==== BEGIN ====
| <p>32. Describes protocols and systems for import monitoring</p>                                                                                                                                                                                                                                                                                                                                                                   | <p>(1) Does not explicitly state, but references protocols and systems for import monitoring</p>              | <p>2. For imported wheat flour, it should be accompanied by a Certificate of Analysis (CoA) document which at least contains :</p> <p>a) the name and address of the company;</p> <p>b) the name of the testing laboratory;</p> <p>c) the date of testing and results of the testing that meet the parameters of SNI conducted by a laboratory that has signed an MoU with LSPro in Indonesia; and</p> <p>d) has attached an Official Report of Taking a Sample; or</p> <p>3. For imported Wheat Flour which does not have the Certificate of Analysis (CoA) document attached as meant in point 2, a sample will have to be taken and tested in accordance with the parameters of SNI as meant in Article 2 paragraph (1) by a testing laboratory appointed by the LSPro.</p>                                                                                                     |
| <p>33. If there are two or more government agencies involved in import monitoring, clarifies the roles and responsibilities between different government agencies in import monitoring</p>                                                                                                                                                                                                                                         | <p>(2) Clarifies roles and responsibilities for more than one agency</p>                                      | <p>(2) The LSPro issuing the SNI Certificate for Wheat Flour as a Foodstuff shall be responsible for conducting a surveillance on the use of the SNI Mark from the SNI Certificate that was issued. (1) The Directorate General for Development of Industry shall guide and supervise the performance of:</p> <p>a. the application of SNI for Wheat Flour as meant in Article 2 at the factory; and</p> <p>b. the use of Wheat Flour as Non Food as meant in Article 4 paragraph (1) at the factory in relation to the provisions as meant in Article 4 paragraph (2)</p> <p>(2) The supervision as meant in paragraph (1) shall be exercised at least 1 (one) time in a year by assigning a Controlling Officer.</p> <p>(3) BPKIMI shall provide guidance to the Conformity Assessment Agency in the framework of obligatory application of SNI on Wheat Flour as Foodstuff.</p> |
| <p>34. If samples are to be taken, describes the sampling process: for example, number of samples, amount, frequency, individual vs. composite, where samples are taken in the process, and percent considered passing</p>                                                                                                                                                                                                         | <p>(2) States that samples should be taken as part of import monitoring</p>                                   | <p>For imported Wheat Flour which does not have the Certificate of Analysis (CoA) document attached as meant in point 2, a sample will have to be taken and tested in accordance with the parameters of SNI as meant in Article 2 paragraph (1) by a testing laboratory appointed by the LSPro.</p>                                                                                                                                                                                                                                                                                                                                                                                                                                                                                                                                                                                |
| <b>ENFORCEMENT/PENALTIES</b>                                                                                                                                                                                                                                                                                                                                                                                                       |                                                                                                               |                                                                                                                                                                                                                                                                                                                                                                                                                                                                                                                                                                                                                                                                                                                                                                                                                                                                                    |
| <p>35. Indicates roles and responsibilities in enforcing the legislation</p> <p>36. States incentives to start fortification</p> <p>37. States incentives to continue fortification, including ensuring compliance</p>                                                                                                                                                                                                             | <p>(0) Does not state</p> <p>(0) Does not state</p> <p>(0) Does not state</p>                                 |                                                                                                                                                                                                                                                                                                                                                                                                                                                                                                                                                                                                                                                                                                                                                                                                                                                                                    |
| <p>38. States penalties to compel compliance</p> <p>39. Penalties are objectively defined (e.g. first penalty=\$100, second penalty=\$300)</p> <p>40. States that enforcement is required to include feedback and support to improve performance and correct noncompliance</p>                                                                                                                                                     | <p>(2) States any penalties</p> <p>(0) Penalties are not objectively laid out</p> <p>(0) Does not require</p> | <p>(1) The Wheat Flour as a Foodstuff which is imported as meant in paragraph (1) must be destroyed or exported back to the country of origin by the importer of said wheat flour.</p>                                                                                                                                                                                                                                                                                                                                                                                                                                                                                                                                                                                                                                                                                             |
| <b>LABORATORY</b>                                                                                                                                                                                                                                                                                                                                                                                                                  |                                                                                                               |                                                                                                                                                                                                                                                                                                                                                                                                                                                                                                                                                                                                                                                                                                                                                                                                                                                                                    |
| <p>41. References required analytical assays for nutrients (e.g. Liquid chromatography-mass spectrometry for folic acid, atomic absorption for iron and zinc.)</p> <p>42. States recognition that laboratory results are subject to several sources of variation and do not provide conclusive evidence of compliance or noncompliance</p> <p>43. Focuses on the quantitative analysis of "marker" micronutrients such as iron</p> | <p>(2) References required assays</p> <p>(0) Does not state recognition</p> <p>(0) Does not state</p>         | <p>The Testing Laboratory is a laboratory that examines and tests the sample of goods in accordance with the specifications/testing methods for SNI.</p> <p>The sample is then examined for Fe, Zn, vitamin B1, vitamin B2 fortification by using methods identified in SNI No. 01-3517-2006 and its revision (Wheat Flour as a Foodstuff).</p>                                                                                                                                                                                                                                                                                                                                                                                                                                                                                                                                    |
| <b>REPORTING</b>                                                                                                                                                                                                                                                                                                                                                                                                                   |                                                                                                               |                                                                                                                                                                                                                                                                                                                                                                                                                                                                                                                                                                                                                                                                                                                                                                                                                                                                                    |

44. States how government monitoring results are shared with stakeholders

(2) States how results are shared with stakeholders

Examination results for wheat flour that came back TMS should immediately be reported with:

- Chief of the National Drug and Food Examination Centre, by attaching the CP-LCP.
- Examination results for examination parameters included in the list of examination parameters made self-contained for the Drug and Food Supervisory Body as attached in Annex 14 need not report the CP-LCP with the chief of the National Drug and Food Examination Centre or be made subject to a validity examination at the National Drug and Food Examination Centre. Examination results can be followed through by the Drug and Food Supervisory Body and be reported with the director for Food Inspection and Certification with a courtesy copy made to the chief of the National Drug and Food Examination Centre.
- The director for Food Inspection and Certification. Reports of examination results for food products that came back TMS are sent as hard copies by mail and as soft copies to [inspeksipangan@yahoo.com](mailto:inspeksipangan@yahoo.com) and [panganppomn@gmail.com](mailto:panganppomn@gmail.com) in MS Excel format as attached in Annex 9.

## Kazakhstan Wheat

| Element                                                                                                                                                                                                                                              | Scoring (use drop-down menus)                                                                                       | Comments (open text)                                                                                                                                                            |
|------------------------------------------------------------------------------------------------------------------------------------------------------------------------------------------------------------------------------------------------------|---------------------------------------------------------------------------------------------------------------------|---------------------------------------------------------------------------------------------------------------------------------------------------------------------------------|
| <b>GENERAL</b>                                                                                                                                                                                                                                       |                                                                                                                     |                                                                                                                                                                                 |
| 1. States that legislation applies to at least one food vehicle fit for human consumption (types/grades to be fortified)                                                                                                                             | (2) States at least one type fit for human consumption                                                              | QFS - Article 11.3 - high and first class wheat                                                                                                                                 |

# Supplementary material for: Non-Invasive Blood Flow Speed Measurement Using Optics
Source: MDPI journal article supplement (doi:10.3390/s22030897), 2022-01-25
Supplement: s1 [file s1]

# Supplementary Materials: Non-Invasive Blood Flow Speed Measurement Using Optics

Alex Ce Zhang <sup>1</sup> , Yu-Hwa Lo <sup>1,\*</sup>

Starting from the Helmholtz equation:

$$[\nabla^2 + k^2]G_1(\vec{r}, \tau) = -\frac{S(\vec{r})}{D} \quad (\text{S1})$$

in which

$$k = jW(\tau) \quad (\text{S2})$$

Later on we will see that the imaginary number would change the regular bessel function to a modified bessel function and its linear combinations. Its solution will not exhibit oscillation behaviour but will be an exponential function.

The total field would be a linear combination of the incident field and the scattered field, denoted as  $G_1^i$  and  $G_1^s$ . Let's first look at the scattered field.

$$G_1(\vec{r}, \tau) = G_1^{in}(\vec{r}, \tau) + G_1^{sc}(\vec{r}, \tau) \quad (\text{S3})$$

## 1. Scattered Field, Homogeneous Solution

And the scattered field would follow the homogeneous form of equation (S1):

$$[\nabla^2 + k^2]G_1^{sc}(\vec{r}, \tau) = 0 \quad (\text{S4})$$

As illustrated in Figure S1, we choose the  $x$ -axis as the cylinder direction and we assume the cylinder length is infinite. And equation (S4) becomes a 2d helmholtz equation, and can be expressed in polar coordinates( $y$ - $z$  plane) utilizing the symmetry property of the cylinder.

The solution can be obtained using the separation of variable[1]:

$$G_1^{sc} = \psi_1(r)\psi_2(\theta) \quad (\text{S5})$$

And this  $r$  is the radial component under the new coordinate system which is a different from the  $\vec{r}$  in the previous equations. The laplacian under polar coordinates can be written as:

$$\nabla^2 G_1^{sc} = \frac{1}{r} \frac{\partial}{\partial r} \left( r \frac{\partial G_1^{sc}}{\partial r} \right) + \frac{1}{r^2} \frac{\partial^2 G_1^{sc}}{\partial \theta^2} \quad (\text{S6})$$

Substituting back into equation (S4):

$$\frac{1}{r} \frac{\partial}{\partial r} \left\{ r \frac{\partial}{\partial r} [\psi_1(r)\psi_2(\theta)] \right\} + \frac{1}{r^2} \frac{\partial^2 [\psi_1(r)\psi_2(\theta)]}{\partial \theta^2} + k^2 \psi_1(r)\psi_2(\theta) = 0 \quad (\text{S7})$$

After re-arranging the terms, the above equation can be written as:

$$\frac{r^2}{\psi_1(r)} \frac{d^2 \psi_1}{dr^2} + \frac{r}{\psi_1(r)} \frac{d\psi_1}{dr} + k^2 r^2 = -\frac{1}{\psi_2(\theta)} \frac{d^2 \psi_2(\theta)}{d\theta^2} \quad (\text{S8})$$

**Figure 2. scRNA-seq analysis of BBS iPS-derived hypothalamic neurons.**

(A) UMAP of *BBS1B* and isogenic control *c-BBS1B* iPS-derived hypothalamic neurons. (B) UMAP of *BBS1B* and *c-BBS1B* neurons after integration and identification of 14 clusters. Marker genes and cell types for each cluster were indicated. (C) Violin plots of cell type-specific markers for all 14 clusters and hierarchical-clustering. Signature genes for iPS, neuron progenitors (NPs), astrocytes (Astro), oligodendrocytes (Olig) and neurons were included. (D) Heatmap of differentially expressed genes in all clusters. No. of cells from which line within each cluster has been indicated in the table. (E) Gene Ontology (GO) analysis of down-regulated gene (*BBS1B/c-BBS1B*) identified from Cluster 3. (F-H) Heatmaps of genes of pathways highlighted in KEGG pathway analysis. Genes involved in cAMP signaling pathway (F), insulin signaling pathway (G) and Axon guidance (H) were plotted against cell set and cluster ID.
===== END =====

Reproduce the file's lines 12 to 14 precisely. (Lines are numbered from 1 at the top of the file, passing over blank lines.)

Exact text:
Examination results for wheat flour that came back TMS should immediately be reported with:

- Chief of the National Drug and Food Examination Centre, by attaching the CP-LCP.
- Examination results for examination parameters included in the list of examination parameters made self-contained for the Drug and Food Supervisory Body as attached in Annex 14 need not report the CP-LCP with the chief of the National Drug and Food Examination Centre or be made subject to a validity examination at the National Drug and Food Examination Centre. Examination results can be followed through by the Drug and Food Supervisory Body and be reported with the director for Food Inspection and Certification with a courtesy copy made to the chief of the National Drug and Food Examination Centre.